BusinessWeek’s “The World’s 50 Most Innovative Companies” in 2008 and The Crunchie Awardfor Best Overall Startup in 2007 and 2008.In addition, nearly every major entertainment, news and media site you can think of usesFacebook to make the web a more social place. Nine out of the top 10 news sites, 10 out of thetop 10 iPhone apps, and 20 TechCrunch 50 finalists implement Facebook Connect.Lamebook’s use of the LAMEBOOK mark infringes Facebook’s well-established trademarkrights in the FACEBOOK mark in violation of Section 43(a) of the Lanham Act by causing alikelihood of consumer confusion and a likelihood of mistake as to the affiliation, connection, or association of its websites with the famous Facebook website, and by falsely creating theimpression of sponsorship or approval of those websites by Facebook. In analyzing whether confusion is likely, a trier of fact will look at standard factors, such as those outlined in
In re E.I.Du Pont de Nemours & Co.
, 476 F.2d 1357, 177 U.S.P.Q. 563 (C.C.P.A. 1973). These factorsinclude such items as: (1) the strength of the mark; (2) proximity of the services; (3) similarity of the marks; (4) evidence of actual confusion; (5) marketing and/or trade channels used; (6) typeof services and the degree of care likely to be exercised by the purchaser; and (7) defendant’sintent in selecting the mark. Consideration of these factors reveals that a trier of fact could onlyconclude that confusion between the LAMEBOOK mark and the FACEBOOK mark is likely.First, the FACEBOOK mark is extremely strong. As shown above, Facebook will easilyestablish that its mark is famous under Section 43(c) of the Lanham Act. “The more ‘famous’and ‘well-known’ a plaintiff’s mark, the greater the likelihood that use on [even] noncompetitiveproducts will cause confusion.” 3 McCarthy § 24.49. The Federal Circuit “has consistentlyafforded strong marks a wider latitude of legal protection than weak marks.”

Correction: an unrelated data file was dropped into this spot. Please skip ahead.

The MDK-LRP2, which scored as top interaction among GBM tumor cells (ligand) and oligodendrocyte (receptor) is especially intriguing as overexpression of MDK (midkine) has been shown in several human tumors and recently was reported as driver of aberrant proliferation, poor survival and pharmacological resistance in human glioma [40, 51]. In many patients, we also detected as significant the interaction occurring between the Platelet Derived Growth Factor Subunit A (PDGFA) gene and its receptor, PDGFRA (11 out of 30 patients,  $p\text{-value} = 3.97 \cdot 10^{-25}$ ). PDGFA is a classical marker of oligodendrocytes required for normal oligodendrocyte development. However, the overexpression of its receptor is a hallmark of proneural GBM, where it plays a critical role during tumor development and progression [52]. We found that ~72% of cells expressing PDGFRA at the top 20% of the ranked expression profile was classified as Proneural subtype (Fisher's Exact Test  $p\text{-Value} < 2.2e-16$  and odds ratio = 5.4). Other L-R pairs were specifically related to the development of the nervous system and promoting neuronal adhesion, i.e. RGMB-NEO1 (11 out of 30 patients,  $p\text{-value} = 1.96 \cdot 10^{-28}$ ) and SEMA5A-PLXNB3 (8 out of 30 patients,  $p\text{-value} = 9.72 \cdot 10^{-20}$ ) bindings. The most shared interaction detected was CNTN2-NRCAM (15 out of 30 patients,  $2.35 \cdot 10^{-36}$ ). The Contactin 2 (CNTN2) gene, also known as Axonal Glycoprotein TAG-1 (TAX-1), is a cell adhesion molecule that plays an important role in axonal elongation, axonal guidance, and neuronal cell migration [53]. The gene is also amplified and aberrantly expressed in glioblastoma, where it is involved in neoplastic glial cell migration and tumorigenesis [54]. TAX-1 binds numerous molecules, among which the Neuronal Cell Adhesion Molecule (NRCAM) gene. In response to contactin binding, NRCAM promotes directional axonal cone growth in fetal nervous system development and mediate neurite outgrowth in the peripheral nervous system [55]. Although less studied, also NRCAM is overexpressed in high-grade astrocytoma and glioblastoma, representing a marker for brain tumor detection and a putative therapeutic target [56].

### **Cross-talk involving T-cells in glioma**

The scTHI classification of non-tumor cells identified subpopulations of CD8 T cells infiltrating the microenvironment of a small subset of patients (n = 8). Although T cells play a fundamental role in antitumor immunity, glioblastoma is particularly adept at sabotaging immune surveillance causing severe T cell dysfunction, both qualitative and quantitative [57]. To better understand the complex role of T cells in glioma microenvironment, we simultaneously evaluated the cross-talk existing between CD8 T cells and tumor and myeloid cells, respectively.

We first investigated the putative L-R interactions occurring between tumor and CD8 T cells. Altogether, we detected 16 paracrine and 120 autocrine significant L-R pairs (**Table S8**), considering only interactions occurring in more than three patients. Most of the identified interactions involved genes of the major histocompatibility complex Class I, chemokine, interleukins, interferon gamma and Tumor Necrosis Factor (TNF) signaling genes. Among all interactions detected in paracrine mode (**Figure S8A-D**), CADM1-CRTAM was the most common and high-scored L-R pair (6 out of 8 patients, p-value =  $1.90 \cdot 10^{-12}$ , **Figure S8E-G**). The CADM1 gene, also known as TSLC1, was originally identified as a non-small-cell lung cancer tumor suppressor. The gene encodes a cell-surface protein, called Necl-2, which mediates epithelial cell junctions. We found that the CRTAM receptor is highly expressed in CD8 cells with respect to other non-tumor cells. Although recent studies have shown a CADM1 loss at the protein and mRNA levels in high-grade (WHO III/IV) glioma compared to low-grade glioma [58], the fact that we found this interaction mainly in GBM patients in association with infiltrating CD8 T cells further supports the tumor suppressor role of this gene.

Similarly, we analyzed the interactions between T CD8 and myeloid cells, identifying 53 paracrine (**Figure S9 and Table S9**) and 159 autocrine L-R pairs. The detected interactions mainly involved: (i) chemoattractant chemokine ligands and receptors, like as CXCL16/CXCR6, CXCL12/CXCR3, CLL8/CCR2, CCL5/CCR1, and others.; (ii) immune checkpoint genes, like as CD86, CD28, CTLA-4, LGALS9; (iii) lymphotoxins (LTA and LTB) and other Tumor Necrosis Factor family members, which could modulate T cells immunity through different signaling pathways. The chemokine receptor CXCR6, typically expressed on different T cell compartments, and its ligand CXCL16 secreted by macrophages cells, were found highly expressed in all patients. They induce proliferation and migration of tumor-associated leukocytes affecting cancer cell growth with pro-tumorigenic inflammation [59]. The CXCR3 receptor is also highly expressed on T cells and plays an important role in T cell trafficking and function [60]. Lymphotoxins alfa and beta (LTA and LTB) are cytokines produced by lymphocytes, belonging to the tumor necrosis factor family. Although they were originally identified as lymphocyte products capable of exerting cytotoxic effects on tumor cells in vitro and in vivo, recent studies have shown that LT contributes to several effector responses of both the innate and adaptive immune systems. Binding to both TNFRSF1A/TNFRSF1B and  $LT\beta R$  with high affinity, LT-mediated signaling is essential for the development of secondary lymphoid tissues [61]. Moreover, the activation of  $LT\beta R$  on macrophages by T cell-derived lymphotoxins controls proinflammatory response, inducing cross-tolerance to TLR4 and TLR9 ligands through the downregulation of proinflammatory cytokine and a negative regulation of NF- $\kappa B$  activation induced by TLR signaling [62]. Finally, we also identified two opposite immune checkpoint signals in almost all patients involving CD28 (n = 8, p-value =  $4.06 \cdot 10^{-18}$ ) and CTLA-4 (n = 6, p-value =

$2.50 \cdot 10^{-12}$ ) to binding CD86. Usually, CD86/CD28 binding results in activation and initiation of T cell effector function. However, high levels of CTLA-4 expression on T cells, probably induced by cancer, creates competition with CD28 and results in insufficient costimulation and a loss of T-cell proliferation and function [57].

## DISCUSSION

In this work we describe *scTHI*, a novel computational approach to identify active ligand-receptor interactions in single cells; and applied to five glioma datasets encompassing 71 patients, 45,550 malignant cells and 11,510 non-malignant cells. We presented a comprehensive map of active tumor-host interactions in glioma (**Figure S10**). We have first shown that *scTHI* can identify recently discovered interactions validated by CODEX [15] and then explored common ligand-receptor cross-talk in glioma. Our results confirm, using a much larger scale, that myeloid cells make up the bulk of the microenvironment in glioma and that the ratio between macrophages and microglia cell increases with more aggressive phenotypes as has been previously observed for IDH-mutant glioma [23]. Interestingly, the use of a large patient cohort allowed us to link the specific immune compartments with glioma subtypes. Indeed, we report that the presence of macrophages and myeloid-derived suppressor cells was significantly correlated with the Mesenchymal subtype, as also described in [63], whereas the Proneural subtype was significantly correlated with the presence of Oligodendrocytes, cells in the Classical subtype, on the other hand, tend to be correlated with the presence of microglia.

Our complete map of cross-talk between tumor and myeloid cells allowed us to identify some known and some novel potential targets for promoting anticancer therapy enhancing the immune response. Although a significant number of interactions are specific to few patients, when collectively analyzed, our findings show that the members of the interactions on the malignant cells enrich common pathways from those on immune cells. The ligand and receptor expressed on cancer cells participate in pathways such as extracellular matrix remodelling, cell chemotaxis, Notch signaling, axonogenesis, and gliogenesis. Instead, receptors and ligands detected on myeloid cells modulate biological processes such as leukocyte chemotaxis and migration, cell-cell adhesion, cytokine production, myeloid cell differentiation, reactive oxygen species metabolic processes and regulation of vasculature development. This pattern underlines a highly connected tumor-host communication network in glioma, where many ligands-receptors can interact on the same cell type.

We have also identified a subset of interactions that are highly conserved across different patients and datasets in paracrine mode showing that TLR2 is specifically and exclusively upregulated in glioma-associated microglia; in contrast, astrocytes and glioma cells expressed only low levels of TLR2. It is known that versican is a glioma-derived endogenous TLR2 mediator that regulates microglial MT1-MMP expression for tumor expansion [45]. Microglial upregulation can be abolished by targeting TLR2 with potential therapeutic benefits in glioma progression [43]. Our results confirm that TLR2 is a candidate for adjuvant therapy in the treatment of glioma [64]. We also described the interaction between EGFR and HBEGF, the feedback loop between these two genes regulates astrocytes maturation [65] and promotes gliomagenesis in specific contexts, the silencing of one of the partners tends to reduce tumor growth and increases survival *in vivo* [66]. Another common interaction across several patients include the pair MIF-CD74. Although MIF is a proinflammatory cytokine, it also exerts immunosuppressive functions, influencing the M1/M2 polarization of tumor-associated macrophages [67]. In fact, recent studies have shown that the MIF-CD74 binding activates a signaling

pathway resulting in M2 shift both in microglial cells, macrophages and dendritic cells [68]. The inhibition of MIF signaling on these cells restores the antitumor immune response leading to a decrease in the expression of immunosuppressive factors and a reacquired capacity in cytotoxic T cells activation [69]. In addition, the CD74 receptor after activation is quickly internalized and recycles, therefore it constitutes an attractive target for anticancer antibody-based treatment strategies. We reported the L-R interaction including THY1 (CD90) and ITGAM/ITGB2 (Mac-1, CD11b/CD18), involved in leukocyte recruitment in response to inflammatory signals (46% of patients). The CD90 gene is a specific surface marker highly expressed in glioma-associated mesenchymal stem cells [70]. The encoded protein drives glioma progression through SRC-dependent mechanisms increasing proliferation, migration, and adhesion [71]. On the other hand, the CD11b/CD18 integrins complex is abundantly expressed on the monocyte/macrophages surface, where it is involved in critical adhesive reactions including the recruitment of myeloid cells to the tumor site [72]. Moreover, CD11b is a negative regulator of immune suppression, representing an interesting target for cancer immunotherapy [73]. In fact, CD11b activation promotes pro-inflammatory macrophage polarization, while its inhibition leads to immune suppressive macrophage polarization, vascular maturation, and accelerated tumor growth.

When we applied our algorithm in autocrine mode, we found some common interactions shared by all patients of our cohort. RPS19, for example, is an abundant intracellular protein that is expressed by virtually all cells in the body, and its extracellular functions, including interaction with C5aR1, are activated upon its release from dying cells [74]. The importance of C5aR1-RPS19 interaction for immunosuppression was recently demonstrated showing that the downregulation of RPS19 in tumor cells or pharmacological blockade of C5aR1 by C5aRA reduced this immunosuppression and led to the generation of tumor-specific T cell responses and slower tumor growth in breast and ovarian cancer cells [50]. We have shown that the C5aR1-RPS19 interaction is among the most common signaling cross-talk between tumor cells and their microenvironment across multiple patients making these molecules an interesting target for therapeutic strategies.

Kenner Parker Toys, Inc. v. Rose Art Industries, Inc.
, 22 U.S.P.Q.2d 1453 (Fed. Cir. 1992). This factor favorsFacebook.Second, there is a direct overlap in the services provided under the FACEBOOK mark andthose claimed and provided in connection with the LAMEBOOK mark. Your client’sLAMEBOOK applications claim services identical to those offered by Facebook, including:“blogs featuring commentary regarding social networking” and “providing a website featuringinformation and commentary regarding social networking content and pop culture.” Its websiteatwww.lamebook.compurports to be “the funniest and lamest of facebook,” contains contenttaken directly from the Facebook site, and invites users to post their status and comment on theposts of others. Not only is it providing core aspects of the services Facebook provides under the FACEBOOK mark, it is also providing actual content from Facebook. There is no questionthat the relatedness of service factor supports a finding of likelihood of confusion.Even if the services provided under the LAMEBOOK mark did not directly compete withFacebook’s services, the services would be sufficiently related: “The vast majority of moderndecisions have adopted the rule that competition is not necessary between the parties for thereto be a likelihood of confusion.” 3 McCarthy § 24.13.Third, the marks at issue are very similar. Both are eight letter, two syllable marks sharing thesame second and fourth letter and ending in the term BOOK. Moreover, the genesis of your 
Case 1:10-cv-00833-SS Document 1-2 Filed 11/04/10 Page 3 of 6